Intro to the New Relic One CLI

To build a New Relic One application, we provide you with a variety of tools, including a CLI (our command line interface application). This page will explain:

For details about publishing and deploying applications, see Publish application.

Install

Commands

This table gives descriptions and context for some of the most important CLI commands: 

Topic Command Description
Help nr1 help See all nr1 commands. For more details about a command, run nr1 help COMMAND_NAME.
Profiles nr1 profiles Controls the profile you’ll be running CLI commands as. You can have more than one profile, which is helpful for executing commands on multiple New Relic accounts. For more on this, see Authentication and the workshop.
Create nr1 create Create a new component template (Nerdpack, Nerdlet, or launcher). The CLI will walk you through this process. For an explanation of the file structure, see Nerdpack file structure.
Serve locally nr1 nerdpack:serve Serves your Nerdpack locally, which makes it visible at one.newrelic.com/?nerdpacks=local. For details, see Local development.
UUID controls nr1 nerdpack:uuid Commands related to the Nerdpack’s UUID (universal unique ID). This ID dictates who can access the Nerdpack. To deploy a Nerdpack you didn’t make, you’ll have to assign it a new UUID. For details on how to do this, see the workshop.
Publish nr1 nerdpack:publish Publishes your Nerdpack to New Relic. For more on publishing, see Deploy to New Relic One. After publishing, you can use nr1 nerdpack: deploy to deploy it to a channel and make it available to users.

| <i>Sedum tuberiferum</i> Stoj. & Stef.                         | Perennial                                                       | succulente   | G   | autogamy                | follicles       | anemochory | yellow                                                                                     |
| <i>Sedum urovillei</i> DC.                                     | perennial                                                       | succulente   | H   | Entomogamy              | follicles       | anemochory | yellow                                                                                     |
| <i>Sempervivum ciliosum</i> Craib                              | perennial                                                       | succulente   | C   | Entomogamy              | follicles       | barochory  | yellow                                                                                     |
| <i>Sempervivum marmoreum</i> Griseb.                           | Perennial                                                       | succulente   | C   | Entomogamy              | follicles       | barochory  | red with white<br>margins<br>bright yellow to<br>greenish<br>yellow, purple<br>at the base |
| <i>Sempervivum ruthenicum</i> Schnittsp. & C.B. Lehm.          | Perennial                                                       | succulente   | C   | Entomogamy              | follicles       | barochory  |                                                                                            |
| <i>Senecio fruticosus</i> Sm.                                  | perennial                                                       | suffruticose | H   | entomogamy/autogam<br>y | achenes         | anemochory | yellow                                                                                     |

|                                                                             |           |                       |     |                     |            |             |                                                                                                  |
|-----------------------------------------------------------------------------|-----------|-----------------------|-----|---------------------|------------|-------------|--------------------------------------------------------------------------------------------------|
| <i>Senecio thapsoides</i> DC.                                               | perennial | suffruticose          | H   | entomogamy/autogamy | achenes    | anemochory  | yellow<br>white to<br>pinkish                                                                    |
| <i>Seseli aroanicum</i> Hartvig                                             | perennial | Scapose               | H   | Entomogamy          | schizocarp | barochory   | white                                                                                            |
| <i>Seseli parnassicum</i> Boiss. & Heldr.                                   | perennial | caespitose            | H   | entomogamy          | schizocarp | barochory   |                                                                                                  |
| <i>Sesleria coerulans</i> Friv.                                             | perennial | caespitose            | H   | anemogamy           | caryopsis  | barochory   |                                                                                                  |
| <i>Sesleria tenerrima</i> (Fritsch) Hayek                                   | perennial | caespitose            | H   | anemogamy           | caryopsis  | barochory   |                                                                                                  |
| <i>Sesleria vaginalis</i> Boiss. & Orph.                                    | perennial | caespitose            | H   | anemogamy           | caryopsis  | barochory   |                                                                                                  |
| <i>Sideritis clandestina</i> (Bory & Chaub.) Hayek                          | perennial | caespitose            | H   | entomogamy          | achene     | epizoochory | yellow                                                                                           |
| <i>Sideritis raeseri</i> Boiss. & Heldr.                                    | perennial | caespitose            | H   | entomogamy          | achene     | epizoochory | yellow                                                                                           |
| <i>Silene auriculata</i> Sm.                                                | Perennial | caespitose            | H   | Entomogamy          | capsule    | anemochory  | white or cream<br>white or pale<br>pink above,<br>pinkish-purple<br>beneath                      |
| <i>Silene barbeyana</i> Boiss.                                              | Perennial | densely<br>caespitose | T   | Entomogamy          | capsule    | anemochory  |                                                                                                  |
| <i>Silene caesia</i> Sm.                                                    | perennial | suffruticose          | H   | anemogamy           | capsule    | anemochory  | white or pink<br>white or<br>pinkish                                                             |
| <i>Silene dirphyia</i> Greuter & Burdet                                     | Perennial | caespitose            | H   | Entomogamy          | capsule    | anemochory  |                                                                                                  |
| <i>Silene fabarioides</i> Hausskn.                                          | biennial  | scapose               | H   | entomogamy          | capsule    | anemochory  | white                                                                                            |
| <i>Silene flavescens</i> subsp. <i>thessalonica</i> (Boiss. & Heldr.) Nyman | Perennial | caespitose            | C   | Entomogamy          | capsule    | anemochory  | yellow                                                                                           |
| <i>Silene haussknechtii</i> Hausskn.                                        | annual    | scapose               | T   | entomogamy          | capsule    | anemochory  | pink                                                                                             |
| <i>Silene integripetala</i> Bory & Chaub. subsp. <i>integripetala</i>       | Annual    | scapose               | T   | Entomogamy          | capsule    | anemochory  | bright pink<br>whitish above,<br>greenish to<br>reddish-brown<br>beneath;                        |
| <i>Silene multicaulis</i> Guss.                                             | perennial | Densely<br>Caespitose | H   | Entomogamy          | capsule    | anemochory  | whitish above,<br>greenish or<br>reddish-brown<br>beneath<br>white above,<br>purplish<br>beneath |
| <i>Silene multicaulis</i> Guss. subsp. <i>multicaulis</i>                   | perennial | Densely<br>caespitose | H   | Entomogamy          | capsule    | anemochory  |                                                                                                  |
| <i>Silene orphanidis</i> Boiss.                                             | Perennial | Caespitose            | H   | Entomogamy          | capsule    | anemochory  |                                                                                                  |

Deploy nr1 nerdpack:deploy Deploys a Nerdpack version to a specific channel (for example, BETA, or STABLE). A channel can only have one Nerdpack version deployed to it at one time. If a channel has an existing Nerdpack associated with it, deploying a new Nerdpack version to that channel will undeploy the previous one. For more on deploying, see Deploy to New Relic One.
Subscribe nr1 nerdpack:subscribe Subscribe the account linked to your personal API key to a channel (default: STABLE). Can be run with a Nerdpack UUID or run in a specific Nerdpack's directory (the ID from the package.json file is used). An account can only be subscribed to one Nerdpack and channel at one time. For more details, see Deploy to New Relic One.
NRQL query nr1 nrql Fetches data from New Relic using NRQL (New Relic query language).
 

Permissions and access

New Relic One gives you a cross-account view, which is valuable for organizations that have complex hierarchies containing multiple New Relic master accounts and sub-accounts. For this reason, there are rules in place to control what accounts can access New Relic One applications and the data in them. This means that, depending on the account hierarchy, two people using the same New Relic One application may not be able to see the same data.

The next two sections will explain how permissions apply in these two situations: 

  • When building, deplying, and subscribing to a Nerdpack.
  • When interacting with a finished Nerdpack.